Providers should heed GATS

When one thinks of international trade law one thinks of trading in goods, whether they are manufactured goods or agricultural goods. However if we look at the economic reports released each year on various countries, including South Africa, most countries’ economies consists largely of services, always overshadowing the contribution made by goods. The General Agreement on Trade in Services (“GATS”) is as important if not more so than the General Agreement of Tariff and Trade (“GATT”), which deals with goods, especially given South Africa’s hunger for economic growth which may be fuelled by opening our services sectors to foreigners. It would however seem as if the media choose to focus on GATT instead of GATS as the liberalisation of trade in goods is far more advanced than trade in services. This does not however mean that there has not been progress in trade in services or that the private sector can afford to put trade in services on the backburner for the time being. In fact, South Africa is busy preparing for the next round of trade negotiations on services. Service providers should take the opportunity to participate in this process. If you do not participate our negotiators will be unaware of your specific concerns and could easily negotiate to your detriment.

This disadvantage could work both ways, firstly you as a South African services provider may not be ready for an influx of foreign services providers. Perhaps if you raised your concerns the liberalisation of your specific sector could have been more gradual. The second way in which the disadvantage could affect you is that you may want to enter foreign markets and you may be aware of the barriers to your entry in these foreign markets. This is of particular significance to South African service providers as they enjoy a comparative advantage over service providers in Africa. Without disclosing the existence of these barriers our negotiators have no way of knowing about them and therefore will not insist that their counterparts give them a concession thereon.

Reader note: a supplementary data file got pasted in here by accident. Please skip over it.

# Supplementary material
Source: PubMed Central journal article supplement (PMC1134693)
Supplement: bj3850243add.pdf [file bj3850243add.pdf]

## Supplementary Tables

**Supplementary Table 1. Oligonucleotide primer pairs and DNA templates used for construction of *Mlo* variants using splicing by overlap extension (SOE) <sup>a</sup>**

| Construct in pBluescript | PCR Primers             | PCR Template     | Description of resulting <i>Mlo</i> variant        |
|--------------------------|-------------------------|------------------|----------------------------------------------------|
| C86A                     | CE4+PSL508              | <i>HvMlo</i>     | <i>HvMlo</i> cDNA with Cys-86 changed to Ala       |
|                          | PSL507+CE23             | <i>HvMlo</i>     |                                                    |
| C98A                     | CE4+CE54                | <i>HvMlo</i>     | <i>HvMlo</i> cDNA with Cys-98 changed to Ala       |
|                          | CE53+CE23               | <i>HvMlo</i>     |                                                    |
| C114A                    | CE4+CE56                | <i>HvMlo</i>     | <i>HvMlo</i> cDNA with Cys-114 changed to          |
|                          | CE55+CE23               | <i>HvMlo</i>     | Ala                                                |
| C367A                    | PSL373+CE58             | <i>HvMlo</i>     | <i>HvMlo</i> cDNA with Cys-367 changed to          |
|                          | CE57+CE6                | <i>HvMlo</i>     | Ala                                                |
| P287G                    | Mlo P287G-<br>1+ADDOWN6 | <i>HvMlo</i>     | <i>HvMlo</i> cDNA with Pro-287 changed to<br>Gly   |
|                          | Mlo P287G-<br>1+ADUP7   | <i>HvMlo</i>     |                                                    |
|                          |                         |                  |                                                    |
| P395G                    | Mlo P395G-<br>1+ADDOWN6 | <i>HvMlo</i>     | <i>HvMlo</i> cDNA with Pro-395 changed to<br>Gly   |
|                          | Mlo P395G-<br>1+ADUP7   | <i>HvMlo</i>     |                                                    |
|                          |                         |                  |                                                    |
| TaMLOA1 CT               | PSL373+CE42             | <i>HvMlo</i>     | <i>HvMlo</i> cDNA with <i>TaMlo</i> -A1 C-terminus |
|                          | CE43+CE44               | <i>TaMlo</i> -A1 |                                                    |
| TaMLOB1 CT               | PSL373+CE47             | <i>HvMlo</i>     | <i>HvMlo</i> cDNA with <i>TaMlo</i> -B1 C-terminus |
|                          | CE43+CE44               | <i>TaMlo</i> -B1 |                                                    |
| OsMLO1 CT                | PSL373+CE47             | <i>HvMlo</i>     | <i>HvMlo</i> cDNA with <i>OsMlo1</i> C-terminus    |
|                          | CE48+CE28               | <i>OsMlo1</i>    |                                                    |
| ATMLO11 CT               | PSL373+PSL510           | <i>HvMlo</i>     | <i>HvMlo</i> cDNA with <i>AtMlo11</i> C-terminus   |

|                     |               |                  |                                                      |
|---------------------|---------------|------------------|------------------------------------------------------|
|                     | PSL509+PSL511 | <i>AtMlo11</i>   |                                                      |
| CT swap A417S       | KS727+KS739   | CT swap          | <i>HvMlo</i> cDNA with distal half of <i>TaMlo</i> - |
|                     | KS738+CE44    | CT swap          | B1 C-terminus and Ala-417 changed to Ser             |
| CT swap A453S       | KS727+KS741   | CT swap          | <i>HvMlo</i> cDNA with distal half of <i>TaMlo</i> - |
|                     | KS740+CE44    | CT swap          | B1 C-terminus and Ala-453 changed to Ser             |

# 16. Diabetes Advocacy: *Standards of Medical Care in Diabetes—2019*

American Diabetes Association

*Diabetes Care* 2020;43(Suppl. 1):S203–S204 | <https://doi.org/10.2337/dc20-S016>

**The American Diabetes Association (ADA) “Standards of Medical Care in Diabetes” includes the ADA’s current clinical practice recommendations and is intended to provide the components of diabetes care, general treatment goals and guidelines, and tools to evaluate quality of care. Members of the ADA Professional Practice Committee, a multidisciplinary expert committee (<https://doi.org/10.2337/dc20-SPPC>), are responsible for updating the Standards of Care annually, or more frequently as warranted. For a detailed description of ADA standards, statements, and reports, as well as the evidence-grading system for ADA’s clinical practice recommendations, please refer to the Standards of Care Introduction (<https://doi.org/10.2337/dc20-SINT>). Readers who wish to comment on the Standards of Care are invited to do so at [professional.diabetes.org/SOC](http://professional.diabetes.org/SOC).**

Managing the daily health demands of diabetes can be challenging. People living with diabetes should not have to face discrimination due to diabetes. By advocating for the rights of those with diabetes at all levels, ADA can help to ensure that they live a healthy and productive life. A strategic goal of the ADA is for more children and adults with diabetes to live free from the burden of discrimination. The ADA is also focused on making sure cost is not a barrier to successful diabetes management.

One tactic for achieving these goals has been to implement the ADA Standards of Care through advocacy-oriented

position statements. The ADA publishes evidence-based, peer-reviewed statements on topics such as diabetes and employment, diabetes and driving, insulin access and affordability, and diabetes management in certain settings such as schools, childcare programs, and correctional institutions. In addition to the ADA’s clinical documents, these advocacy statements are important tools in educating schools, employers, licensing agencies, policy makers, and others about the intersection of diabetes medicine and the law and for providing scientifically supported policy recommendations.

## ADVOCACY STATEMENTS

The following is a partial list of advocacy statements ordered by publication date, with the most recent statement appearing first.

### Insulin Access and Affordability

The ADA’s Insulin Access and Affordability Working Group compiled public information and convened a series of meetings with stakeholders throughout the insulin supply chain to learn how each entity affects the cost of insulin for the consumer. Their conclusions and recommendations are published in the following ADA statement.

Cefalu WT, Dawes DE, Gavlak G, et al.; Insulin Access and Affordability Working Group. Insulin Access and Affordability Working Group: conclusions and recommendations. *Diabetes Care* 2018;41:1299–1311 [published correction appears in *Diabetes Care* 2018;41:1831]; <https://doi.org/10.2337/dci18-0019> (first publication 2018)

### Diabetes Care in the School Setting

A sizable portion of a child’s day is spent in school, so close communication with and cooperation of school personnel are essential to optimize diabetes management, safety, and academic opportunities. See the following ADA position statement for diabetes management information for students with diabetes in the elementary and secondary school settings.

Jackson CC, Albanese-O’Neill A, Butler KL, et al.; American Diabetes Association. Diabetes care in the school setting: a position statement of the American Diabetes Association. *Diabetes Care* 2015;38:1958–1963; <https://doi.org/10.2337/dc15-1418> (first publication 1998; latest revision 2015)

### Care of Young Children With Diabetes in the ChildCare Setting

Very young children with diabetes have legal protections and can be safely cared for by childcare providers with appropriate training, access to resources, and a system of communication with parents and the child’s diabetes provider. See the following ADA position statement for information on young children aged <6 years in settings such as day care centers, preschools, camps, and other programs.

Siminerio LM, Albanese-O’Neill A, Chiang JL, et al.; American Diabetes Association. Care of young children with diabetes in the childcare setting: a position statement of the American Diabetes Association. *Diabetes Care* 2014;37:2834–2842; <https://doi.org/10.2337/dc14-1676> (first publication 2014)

South Africa has indeed received a number of requests from WTO members to liberalise their services sectors as listed in the current classification system. In contrast, South Africa has only made initial request in certain sector, with the majority of these request directed at their African counterparts. The process can be greatly aided if South African business become involved and air their concerns and demands.

As an example, South Africa has received requests to liberalise their financial services sector from the more prominent WTO members. In particular the request addresses the concern these members have with South African banks’ anti-competitive behaviour with the respect to the access to the national payment system. They also address a concern with respect to the residency of financial services experts in South Africa. Although South Africa currently has specific vertical and horizontal restrictions in place to protect this industry, without input from the service providers and regulatory institutions in this sector our negotiators are ill equipped to represent our industries.